John and Emily had a large family. Their children were Walter, Percy, Gert, Dorothy, Cecil, Berniece (called Lu), Doug, and Evelyn Maud. Dorothy is our ancestor. Everyone was born in Doncaster except for Doug, who was born in 1913 in Vancouver, British Columbia; and Maud, who was born in 1915 in Portland, Multnomah, Oregon. In August of the same year, their oldest son, Walter, was killed on the Gallipoli Peninsula, Turkey, during World War I. He was a soldier in the Australian Imperial Forces. They lost their youngest daughter in 1922, leaving them with six remaining children. Seated in this photo are Percy, Emily and John, Gert, and Dorothy; standing behind are Cecil, Berniece (Lu), and Doug.

John was an avid golfer. He was a stern man, who, in his later years could be called "a sweet old man." He possessed a charming nature. As a child, I remember visiting at their home. The adults visited and we children sat outside on their porch in the big porch swing that looked like a couch with a canopy. Great-grandfather John believe that children should be seen and not heard, so it was a quiet time visiting at their house.

John died on 23 April 1953 in Portland, Multnomah, Oregon. In 1967, when our family (Locke) visited Emily, his wife, she said, with tears in her eyes, that she still missed him so very much.

Friday, December 18, 2015

Elisha Boucher, Loving Father

Elisha Boucher was born in Clay County (now Laurel County and home of the Colonel Sanders Cafe), Kentucky (A) on 18 December 1821. His parents were William and Mary Anna Gray Boucher. William was from Virginia. In 1830, he was listed on the census for London Post Office, Kentucky. Since the Wilderness Road passed directly through London, it was a gathering place for homes, stores, churches, the post office, and a local blacksmith shop.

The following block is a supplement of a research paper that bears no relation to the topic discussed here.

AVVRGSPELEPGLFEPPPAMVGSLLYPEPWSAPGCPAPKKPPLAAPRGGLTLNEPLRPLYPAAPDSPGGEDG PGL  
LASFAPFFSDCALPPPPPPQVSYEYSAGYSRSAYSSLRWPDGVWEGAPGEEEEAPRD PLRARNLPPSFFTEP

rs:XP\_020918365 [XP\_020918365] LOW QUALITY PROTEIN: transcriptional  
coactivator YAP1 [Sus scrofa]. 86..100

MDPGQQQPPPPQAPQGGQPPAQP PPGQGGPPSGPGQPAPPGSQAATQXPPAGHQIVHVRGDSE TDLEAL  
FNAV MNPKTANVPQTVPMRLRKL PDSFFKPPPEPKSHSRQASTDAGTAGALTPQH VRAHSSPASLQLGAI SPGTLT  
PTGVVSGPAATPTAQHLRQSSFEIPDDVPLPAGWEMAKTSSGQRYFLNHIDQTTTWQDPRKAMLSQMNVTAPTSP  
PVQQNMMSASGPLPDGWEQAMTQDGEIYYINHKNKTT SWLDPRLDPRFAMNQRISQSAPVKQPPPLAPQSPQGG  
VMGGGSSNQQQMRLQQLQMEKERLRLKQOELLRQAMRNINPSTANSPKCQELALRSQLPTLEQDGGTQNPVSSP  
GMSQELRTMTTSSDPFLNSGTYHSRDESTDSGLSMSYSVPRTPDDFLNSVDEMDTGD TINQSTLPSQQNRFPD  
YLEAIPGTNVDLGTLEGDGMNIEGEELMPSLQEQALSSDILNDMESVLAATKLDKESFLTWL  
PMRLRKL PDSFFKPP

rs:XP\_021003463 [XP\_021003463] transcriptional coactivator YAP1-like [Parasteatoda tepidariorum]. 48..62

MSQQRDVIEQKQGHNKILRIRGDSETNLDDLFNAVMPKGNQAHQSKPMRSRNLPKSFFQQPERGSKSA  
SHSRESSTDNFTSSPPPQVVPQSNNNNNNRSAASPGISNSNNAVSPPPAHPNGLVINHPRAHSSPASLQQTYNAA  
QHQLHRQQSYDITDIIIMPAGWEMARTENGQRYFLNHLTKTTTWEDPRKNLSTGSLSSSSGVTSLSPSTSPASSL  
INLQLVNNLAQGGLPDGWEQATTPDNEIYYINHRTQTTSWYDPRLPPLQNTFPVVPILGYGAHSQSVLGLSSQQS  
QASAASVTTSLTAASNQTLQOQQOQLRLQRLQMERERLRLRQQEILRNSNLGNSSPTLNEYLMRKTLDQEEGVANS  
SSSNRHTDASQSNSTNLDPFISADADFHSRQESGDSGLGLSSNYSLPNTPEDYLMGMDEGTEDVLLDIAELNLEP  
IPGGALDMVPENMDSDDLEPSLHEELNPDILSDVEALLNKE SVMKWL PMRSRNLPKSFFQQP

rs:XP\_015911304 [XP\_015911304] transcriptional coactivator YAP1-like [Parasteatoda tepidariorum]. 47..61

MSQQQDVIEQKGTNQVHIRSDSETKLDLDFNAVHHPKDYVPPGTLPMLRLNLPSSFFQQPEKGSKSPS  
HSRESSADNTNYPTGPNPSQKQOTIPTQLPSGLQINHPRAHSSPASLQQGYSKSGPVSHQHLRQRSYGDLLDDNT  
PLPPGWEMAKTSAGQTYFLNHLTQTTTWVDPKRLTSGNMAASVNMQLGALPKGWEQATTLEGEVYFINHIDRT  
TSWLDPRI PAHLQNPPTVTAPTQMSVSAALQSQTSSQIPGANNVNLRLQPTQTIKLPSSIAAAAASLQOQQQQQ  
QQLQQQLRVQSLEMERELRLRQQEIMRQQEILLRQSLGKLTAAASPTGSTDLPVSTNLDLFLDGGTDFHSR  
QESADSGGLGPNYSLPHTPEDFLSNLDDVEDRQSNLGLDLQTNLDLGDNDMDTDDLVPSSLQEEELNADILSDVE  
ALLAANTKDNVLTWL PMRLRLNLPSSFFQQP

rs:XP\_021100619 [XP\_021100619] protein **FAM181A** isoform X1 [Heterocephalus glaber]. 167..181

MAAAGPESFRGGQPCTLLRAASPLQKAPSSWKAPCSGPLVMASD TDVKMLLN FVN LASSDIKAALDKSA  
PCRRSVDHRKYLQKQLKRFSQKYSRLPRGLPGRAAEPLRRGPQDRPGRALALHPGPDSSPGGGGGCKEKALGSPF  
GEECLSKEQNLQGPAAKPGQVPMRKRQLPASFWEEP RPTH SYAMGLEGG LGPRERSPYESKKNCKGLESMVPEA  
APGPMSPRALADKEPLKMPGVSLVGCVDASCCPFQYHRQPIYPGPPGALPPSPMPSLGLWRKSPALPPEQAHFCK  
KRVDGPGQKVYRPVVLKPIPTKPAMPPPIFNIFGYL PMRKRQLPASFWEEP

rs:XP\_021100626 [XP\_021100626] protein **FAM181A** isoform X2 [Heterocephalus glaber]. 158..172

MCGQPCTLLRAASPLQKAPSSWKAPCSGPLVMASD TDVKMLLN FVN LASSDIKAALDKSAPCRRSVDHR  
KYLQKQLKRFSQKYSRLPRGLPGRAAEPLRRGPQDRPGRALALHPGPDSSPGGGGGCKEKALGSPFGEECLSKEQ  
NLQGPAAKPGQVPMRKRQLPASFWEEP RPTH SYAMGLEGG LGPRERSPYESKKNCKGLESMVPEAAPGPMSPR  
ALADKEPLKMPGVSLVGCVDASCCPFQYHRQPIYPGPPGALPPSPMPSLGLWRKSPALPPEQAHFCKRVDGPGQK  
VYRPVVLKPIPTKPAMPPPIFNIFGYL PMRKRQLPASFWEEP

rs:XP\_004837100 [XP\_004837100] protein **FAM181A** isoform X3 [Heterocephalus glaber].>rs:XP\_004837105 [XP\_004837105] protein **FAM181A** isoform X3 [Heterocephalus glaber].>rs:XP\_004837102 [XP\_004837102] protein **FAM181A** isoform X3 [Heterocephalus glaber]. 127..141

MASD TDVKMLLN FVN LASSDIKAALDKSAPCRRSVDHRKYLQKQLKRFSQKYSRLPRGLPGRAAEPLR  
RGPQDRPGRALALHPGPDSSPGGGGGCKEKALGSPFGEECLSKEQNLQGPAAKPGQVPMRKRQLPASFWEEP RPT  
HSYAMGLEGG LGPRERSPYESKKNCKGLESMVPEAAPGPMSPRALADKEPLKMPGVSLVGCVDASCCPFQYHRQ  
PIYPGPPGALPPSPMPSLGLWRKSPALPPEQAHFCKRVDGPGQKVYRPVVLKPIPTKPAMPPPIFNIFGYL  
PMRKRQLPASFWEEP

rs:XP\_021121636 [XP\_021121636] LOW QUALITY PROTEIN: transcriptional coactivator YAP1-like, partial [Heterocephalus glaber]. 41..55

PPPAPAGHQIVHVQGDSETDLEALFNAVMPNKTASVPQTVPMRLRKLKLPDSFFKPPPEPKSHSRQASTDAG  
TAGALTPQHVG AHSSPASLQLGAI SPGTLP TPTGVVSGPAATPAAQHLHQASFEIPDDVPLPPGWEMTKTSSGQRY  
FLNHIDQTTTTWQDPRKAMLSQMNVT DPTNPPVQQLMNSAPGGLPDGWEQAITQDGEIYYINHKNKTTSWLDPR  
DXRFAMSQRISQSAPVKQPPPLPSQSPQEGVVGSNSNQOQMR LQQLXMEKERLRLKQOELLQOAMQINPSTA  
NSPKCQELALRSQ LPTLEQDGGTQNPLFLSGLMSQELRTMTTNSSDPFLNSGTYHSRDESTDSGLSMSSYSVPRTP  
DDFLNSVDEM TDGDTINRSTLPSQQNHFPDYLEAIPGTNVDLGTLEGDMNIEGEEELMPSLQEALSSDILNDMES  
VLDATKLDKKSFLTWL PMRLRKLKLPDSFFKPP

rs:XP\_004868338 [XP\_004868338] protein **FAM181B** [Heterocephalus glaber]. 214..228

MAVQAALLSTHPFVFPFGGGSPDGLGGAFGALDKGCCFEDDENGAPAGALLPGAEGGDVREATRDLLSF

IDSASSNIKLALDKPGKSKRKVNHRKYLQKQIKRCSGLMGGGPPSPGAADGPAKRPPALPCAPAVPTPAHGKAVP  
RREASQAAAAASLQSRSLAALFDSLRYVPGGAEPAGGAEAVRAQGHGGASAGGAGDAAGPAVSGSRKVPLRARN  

1830 was the year Congress passed the Indian Removal Act authorizing the federal government to relocate the Indian tribes, moving them west of the Mississippi into the designated Indian Territory in Oklahoma and parts of Kansas and Nebraska. In the fall and winter of 1838-39, Cherokees of the Tennessee River area were marched to their new location along a 1200-mile route appropriately called the Trail of Tears, or in their language, "nunna-da-ul-tsun-yi," translated, "the place where they cried." In Meigs County, Tennessee, some traveled by riverboat or steamboat, and avoided the dreaded Trail of Tears.